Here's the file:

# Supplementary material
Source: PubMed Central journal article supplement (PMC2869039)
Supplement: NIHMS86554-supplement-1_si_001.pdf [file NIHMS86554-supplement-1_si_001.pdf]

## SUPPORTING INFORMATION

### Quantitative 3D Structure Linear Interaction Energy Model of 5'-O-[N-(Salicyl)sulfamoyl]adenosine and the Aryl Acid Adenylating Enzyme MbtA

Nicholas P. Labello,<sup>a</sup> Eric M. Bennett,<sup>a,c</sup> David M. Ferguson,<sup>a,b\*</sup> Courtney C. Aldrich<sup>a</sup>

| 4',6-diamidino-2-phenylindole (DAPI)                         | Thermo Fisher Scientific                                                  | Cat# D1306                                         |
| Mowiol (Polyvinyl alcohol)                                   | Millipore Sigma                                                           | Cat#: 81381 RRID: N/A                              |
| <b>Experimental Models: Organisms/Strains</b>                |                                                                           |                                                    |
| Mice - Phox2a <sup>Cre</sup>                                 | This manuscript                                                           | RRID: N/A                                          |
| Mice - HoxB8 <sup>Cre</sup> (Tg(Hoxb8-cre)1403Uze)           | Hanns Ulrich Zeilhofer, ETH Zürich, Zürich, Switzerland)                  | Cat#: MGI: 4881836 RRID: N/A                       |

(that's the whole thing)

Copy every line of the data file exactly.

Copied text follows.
# Supplementary material
Source: PubMed Central journal article supplement (PMC2869039)
Supplement: NIHMS86554-supplement-1_si_001.pdf [file NIHMS86554-supplement-1_si_001.pdf]

## SUPPORTING INFORMATION

### Quantitative 3D Structure Linear Interaction Energy Model of 5'-O-[N-(Salicyl)sulfamoyl]adenosine and the Aryl Acid Adenylating Enzyme MbtA

Nicholas P. Labello,<sup>a</sup> Eric M. Bennett,<sup>a,c</sup> David M. Ferguson,<sup>a,b\*</sup> Courtney C. Aldrich<sup>a</sup>

| 4',6-diamidino-2-phenylindole (DAPI)                         | Thermo Fisher Scientific                                                  | Cat# D1306                                         |
| Mowiol (Polyvinyl alcohol)                                   | Millipore Sigma                                                           | Cat#: 81381 RRID: N/A                              |
| <b>Experimental Models: Organisms/Strains</b>                |                                                                           |                                                    |
| Mice - Phox2a <sup>Cre</sup>                                 | This manuscript                                                           | RRID: N/A                                          |
| Mice - HoxB8 <sup>Cre</sup> (Tg(Hoxb8-cre)1403Uze)           | Hanns Ulrich Zeilhofer, ETH Zürich, Zürich, Switzerland)                  | Cat#: MGI: 4881836 RRID: N/A                       |